Say Alice wants to send a PGP encrypted message to Bob.
She generates a symmetric key, encrypts it with Bob's public key, and sends both the message and the encrypted symmetric key to Bob. Then Bob is able to decrypt her message.
But what if a MiTM attacker modifies both the encrypted symmetric key, and the message, and send them to Bob?
Isn't the attacker able to tamper with the original message? What am I understanding wrong?

  • $\begingroup$ Digital certificates? or get the public key? $\endgroup$
    – kelalaka
    Dec 18, 2021 at 17:14
  • $\begingroup$ @kelalaka Bob's public key is public to everyone, so the attacker can use it as well. How do you involve digital certificates? $\endgroup$
    – Lee
    Dec 18, 2021 at 17:15
  • $\begingroup$ Did you forget to sign the messages? web.archive.org/web/20080702073337/http://www.pgpi.org/doc/… $\endgroup$
    – kelalaka
    Dec 18, 2021 at 17:16
  • $\begingroup$ @kelalaka You do sign the messages, but the attacker can also sign their own message, and yet the receiver would be able to decrypt the message of the attacker (since it was encrypted with the public key of the receiver) $\endgroup$
    – Lee
    Dec 18, 2021 at 17:30
  • 1
    $\begingroup$ When you check the signature of the message what will you see? Do you know what is a digital signature? It requires the owner's private key to sign and public key to verify. When you get a message from Bob, you check the existence of Bob's public key or get it from a trusted directory,,. If the signature is not verified with Bob's public key then either the file is corrupted or someone is attempting a forgery... $\endgroup$
    – kelalaka
    Dec 18, 2021 at 17:34

1 Answer 1


The reason why this is not possible is, as the others have stated, that a signed message cannot be forged. Of course, an attacker is able to sign any message, but only with a private key belonging to their own public key / certificate.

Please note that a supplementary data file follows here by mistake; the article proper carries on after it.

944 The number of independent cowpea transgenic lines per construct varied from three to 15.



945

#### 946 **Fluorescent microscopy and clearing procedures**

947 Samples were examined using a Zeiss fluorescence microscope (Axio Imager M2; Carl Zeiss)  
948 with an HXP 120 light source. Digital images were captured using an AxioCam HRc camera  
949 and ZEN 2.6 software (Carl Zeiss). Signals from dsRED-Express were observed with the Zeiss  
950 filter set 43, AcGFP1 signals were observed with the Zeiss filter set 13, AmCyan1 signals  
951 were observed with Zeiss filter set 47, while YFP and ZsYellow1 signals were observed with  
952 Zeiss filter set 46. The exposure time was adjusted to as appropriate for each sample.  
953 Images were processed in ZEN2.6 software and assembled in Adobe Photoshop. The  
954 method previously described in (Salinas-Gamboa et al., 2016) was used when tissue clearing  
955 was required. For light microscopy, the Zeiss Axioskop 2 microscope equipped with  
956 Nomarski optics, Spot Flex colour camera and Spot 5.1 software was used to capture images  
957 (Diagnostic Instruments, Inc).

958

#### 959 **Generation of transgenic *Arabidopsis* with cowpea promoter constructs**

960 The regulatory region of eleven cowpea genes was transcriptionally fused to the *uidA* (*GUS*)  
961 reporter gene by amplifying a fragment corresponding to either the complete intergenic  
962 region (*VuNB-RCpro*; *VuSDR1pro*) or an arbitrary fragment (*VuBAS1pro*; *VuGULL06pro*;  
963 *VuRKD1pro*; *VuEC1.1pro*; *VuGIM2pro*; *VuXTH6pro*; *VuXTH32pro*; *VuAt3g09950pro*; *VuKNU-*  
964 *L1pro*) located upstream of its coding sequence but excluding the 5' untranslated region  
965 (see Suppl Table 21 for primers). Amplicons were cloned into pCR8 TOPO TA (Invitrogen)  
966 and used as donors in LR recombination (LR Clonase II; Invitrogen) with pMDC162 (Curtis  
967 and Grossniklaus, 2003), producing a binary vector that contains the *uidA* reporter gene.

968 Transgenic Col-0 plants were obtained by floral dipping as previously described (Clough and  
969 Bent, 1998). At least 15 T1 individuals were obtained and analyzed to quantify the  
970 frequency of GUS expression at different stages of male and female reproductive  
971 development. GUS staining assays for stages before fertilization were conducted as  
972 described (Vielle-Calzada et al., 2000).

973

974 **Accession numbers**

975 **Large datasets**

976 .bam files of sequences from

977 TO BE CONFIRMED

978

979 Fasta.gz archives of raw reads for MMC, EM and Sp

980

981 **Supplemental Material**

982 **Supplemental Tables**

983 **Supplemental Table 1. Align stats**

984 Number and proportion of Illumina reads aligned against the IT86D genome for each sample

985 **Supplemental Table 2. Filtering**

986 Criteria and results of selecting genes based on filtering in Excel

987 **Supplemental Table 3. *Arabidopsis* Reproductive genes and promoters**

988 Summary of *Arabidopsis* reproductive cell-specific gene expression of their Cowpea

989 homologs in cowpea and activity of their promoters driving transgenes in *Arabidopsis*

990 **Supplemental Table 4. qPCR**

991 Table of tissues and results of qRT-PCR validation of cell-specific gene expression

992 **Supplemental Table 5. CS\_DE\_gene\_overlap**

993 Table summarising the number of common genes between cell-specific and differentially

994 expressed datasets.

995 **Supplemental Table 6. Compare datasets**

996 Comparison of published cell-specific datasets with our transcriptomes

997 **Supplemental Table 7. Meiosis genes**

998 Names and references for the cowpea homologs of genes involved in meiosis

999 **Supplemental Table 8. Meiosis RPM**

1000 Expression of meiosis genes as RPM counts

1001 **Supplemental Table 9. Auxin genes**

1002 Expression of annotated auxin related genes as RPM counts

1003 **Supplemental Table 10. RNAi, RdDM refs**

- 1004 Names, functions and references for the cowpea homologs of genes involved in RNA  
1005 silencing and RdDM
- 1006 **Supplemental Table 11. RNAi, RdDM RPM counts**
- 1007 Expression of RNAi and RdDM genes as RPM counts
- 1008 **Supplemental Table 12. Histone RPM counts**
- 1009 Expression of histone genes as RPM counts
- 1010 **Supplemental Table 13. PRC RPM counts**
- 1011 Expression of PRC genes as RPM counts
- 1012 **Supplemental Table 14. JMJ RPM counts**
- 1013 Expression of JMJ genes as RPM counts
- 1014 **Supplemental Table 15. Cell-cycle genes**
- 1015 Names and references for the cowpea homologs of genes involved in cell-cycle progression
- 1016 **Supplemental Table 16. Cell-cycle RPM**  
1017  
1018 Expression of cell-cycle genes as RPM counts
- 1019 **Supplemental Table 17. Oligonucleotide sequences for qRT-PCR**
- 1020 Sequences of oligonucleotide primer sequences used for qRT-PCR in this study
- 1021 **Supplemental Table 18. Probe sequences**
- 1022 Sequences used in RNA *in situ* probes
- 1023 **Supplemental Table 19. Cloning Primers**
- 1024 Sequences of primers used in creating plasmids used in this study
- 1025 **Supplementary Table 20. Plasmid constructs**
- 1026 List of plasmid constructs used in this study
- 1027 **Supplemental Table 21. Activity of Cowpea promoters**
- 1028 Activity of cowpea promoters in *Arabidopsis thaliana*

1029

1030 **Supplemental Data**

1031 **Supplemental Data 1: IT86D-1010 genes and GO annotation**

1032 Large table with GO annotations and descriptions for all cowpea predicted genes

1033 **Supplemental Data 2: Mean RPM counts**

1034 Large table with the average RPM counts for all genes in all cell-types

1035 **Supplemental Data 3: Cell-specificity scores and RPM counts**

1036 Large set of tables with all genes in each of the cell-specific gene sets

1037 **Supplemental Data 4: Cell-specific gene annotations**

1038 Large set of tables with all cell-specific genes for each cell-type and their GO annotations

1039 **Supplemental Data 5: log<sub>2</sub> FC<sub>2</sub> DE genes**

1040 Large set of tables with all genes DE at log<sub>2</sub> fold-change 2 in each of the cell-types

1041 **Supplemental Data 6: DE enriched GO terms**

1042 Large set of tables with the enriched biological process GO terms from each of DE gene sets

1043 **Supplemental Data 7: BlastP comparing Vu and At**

So what happens is that:

  1. Alice signs the message with her private key, indicating her public key / certificate;
  2. Alice encrypts the signed message with Bob's public key (as PGP uses sign-then-encrypt);
  3. Bob receives the message and decrypts it using his private key;
  4. Bob gets the key ID of Alice and looks up her public key / certificate, finding out it is her;
  5. Bob verifies that the signature under the message is that of Alice.

Now Malory (the MitM using the normal names) can obviously send encrypted messages to Bob, however she cannot decrypt the message of Alice as she doesn't have Bob's private key.

With regards to signature generation: Malory could put down her own signature and change the ID but then the message would not be from Alice.

Of course this does require that the public key / certificate of Alice is known and trusted in advance by Bob, otherwise Malory could create a key pair and send the public key / certificate to Bob, impersonating Alice. With PGP that trust is created using a web of trust.

As that web of trust has never been all that secure for PGP, it is highly recommended to establish trust directly, e.g. by mailing the certificate and then verifying the key fingerprint over the phone. PGP has been designed with this in mind (e.g. establishing an easy to verify fingerprint system and requiring explicit trust of the public keys / certificates within the trust store).

  • $\begingroup$ Beware that PGP is an old protocol; attacks exist and newer protocols may offer better security. $\endgroup$
    – Maarten Bodewes
    Dec 18, 2021 at 18:23

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